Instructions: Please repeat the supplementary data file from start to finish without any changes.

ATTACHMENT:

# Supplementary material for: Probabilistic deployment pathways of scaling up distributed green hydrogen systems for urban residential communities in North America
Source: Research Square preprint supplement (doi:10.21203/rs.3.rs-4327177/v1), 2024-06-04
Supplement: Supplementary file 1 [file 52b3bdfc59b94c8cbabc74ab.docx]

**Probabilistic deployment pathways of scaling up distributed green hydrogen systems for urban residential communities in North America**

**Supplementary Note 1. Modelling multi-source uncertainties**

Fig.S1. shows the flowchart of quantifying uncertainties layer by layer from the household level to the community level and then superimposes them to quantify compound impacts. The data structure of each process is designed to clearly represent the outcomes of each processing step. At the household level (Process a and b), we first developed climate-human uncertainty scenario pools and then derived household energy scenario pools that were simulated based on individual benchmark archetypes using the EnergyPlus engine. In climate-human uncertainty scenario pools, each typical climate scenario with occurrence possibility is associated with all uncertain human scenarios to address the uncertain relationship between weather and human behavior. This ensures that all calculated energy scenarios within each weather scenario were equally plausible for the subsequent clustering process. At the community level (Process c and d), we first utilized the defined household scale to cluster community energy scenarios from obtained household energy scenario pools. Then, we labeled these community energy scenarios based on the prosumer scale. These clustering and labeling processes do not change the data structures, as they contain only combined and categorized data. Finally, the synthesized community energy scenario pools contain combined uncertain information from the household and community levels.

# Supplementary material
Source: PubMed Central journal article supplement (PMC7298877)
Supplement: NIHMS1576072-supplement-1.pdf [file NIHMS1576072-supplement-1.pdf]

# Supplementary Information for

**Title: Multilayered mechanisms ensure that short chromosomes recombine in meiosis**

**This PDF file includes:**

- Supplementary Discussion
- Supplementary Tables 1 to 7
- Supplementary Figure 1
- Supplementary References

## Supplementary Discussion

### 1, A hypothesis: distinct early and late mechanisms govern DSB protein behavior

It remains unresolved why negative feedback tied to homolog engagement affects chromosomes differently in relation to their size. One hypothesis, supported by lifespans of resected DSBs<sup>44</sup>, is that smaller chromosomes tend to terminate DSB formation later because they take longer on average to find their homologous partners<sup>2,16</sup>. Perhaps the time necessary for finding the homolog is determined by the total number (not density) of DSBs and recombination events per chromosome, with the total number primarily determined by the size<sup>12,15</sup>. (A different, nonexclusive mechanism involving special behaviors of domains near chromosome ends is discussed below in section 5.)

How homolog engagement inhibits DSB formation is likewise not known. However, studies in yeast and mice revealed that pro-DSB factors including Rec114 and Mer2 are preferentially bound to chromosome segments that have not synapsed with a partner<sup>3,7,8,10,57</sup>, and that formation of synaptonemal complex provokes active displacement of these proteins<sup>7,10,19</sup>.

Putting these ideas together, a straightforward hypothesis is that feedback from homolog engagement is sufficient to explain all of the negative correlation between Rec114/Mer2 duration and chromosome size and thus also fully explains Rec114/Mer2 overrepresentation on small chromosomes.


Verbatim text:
# Supplementary material for: Probabilistic deployment pathways of scaling up distributed green hydrogen systems for urban residential communities in North America
Source: Research Square preprint supplement (doi:10.21203/rs.3.rs-4327177/v1), 2024-06-04
Supplement: Supplementary file 1 [file 52b3bdfc59b94c8cbabc74ab.docx]

**Probabilistic deployment pathways of scaling up distributed green hydrogen systems for urban residential communities in North America**

**Supplementary Note 1. Modelling multi-source uncertainties**

Fig.S1. shows the flowchart of quantifying uncertainties layer by layer from the household level to the community level and then superimposes them to quantify compound impacts. The data structure of each process is designed to clearly represent the outcomes of each processing step. At the household level (Process a and b), we first developed climate-human uncertainty scenario pools and then derived household energy scenario pools that were simulated based on individual benchmark archetypes using the EnergyPlus engine. In climate-human uncertainty scenario pools, each typical climate scenario with occurrence possibility is associated with all uncertain human scenarios to address the uncertain relationship between weather and human behavior. This ensures that all calculated energy scenarios within each weather scenario were equally plausible for the subsequent clustering process. At the community level (Process c and d), we first utilized the defined household scale to cluster community energy scenarios from obtained household energy scenario pools. Then, we labeled these community energy scenarios based on the prosumer scale. These clustering and labeling processes do not change the data structures, as they contain only combined and categorized data. Finally, the synthesized community energy scenario pools contain combined uncertain information from the household and community levels.

# Supplementary material
Source: PubMed Central journal article supplement (PMC7298877)
Supplement: NIHMS1576072-supplement-1.pdf [file NIHMS1576072-supplement-1.pdf]

# Supplementary Information for

**Title: Multilayered mechanisms ensure that short chromosomes recombine in meiosis**

**This PDF file includes:**

- Supplementary Discussion
- Supplementary Tables 1 to 7
- Supplementary Figure 1
- Supplementary References

## Supplementary Discussion

### 1, A hypothesis: distinct early and late mechanisms govern DSB protein behavior

It remains unresolved why negative feedback tied to homolog engagement affects chromosomes differently in relation to their size. One hypothesis, supported by lifespans of resected DSBs<sup>44</sup>, is that smaller chromosomes tend to terminate DSB formation later because they take longer on average to find their homologous partners<sup>2,16</sup>. Perhaps the time necessary for finding the homolog is determined by the total number (not density) of DSBs and recombination events per chromosome, with the total number primarily determined by the size<sup>12,15</sup>. (A different, nonexclusive mechanism involving special behaviors of domains near chromosome ends is discussed below in section 5.)

How homolog engagement inhibits DSB formation is likewise not known. However, studies in yeast and mice revealed that pro-DSB factors including Rec114 and Mer2 are preferentially bound to chromosome segments that have not synapsed with a partner<sup>3,7,8,10,57</sup>, and that formation of synaptonemal complex provokes active displacement of these proteins<sup>7,10,19</sup>.

Putting these ideas together, a straightforward hypothesis is that feedback from homolog engagement is sufficient to explain all of the negative correlation between Rec114/Mer2 duration and chromosome size and thus also fully explains Rec114/Mer2 overrepresentation on small chromosomes.